Duane ZIEMBA, Plaintiff-Appellee, v. John ARMSTRONG, I/O, Giovanny Gomez, I/O, Reginald MacAllister, I/O, Margaret Clark, Defendants-Appellants, Jonas, I/O, Zieller, I/O, Lori Krajniak, I/O, Mac Donald, I/O, Bradnan, I/O, Edward Blanchette, I/O, Ray Elterich, I/O, Dennis Olglesby, I/O, John Sergeant, I/O, Morgan Vigneron, I/O, Fred Serafini, I/O, Virginia Turner, I/O, Sebastian Mangiafico, I/O, Defendants.
Plaintiff Duane Ziemba, a mentally ill inmate housed in Connecticut State prison, brought suit under 42 U.S.C. § 1983, alleging that his constitutional rights were violated when he was placed for 22 hours in total (“four-point”) restraints, beaten, and denied needed medical care. Five of the numerous prison officers whom Ziemba sued moved for summary judgment in their favor, but the district court denied the motion as to all but one. See Ziemba v. Armstrong, 343 F.Supp.2d 173 (D.Conn.2004). Pursuant to the doctrine of qualified immunity (which shields public officials from suit if their actions were objectively reasonable), the remaining four now prosecute this interlocutory appeal. See Poe v. Leonard, 282 F.3d 123, 131-32 (2d Cir.2002). We review the record de novo. Id. at 131.
Two of the appellants here, former Connecticut Department of Corrections Commissioner John Armstrong and Prison Warden Giovanny Gomez, were not personally involved in the incident in issue; their liability, if any, must be premised on the theory that they, as supervisors, either exhibited deliberate indifference to what was going on (by failing to act on information indicating unconstitutional acts were occurring) or were grossly negligent in failing to supervise the subordinates who committed such wrongful acts. See Poe, 282 F.3d at 140-41.
As to Armstrong, Ziemba has failed to provide any evidence that would support a jury finding that Armstrong exhibited deliberate indifference to Ziemba's constitutional rights or was grossly negligent in training the subordinates who allegedly violated those rights. Armstrong was not informed of the restraint of Ziemba and was totally unaware of any beatings until long after the fact. Although there is evidence that Armstrong was informed that prison guards at a different correctional institution had previously beaten plaintiff, Armstrong responded promptly and appropriately to those incidents. As for training, Ziemba has not come forward with any competent evidence that the training promulgated and supervised by Armstrong deviated in any material respect from accepted training practices. Under those practices, the use of four-point restraints was far more limited than what is alleged to have occurred here and the unreasonable use of force was prohibited. Finally, while the unreasonable restraint of plaintiff may have been partly attributable to the guards' failure to know of his psychiatric problems, this was a function, not of any inadequate training or other supervisory failure, but of a staff miscommunication in failing to forward plaintiff's full psychiatric records at the time that he was transferred from one prison facility to another. This is not itself sufficient to support supervisory liability. See Oklahoma City v. Tuttle, 471 U.S. 808, 823-24, 105 S.Ct. 2427, 85 L.Ed.2d 791 (1985).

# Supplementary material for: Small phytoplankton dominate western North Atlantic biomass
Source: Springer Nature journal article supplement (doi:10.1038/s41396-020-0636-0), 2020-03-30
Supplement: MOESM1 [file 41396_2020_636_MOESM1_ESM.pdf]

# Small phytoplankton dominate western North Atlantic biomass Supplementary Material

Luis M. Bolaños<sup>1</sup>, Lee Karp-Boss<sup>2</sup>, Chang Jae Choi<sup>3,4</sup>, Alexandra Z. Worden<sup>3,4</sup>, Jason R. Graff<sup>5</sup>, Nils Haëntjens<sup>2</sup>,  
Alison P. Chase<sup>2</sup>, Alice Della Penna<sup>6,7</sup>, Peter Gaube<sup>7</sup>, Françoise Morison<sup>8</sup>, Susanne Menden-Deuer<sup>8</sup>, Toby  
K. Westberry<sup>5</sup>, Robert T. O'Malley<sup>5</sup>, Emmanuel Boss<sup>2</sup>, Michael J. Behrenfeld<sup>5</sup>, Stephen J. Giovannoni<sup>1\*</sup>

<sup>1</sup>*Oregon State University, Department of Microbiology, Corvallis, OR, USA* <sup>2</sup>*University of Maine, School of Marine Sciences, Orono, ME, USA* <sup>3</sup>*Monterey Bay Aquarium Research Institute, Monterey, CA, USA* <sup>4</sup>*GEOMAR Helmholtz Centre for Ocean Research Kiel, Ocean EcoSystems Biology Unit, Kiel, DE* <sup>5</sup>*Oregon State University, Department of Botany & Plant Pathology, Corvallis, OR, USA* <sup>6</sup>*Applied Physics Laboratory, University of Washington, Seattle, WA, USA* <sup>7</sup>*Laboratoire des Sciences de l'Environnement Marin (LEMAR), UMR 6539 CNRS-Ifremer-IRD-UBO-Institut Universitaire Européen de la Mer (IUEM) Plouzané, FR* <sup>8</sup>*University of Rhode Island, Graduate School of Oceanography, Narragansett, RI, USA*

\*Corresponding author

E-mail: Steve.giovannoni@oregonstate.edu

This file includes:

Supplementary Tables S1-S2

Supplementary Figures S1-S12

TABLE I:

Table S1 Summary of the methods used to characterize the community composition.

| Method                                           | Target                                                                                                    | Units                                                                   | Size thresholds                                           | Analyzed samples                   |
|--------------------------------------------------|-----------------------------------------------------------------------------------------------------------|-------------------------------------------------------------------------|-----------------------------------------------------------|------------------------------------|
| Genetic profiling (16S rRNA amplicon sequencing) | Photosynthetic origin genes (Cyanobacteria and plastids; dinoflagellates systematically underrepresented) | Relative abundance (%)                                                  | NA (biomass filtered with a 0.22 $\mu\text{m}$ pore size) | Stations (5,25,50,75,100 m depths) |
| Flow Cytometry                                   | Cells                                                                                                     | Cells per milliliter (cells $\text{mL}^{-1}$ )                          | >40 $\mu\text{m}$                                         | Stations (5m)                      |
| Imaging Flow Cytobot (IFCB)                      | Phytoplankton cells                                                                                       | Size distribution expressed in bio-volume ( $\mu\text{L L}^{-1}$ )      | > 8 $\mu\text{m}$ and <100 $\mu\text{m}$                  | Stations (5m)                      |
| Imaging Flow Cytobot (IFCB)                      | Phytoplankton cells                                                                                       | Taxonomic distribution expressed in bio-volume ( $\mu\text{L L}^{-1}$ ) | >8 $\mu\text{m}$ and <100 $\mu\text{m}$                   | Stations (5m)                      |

Ziemba's attempts to impose supervisory liability on Gomez fail for the same reasons. Although Gomez, unlike Armstrong, was informed that Ziemba had been placed in restraints, there is no evidence from which a reasonable juror could infer that this notification occurred at any point other than early in the twenty-two-hour period, at which time Gomez would have had no reason to question the need for the restraint. While it was standard policy that someone (though not necessarily Gomez) would be informed every eight hours if restraints were continuing, there is no evidence that Gomez was so informed and hence no reason to impose liability on him personally. See Poe, 282 F.3d at 140.
Accordingly, Armstrong and Gomez are entitled to summary judgment on all claims against them.
The other two appellants, Nurse Margaret Clark and Medic Reginald McAllister, were, like Armstrong and Gomez, not personally involved in the restraint of Ziemba or in the administering of force that allegedly caused him injuries while he was restrained. Thus, they are not subject to direct liability for any claim of excessive force. Nor is there any basis for a claim that they failed to protect plaintiff given that they did not even encounter plaintiff until toward the end of the 22-hour period of restraint. However, when they did eventually come to check on plaintiffs' medical condition, they ignored, according to plaintiff, evidence that he had suffered physical injury as well as his own statements to them that he was seriously injured and needed medical attention. On the basis of Clark's and McAllister's recognition that plaintiff had been restrained for a great many hours and their apparent failure to consult his files (which, even in their incomplete form, might have alerted them to his psychiatric difficulties), a reasonable juror could conclude that their alleged failure to attend to his complaints constituted deliberate indifference to serious medical needs, in violation of his constitutional rights. See Estelle v. Gamble, 429 U.S. 97, 104, 97 S.Ct. 285, 50 L.Ed.2d 251 (1976).
Accordingly, we reverse the district court's decision to deny summary judgment to defendants Clark and McAllister on Ziemba's claims of use of excessive force and failure to protect, but affirm as to his claims of deliberate indifference.
For the forgoing reasons, we remand to the district court with instructions that summary judgment be entered in favor of defendants Armstrong and Gomez on all claims against them and that summary judgment be entered in favor of defendants Clark and McAllister on all claims except deliberate indifference to his medical needs (as to which we affirm).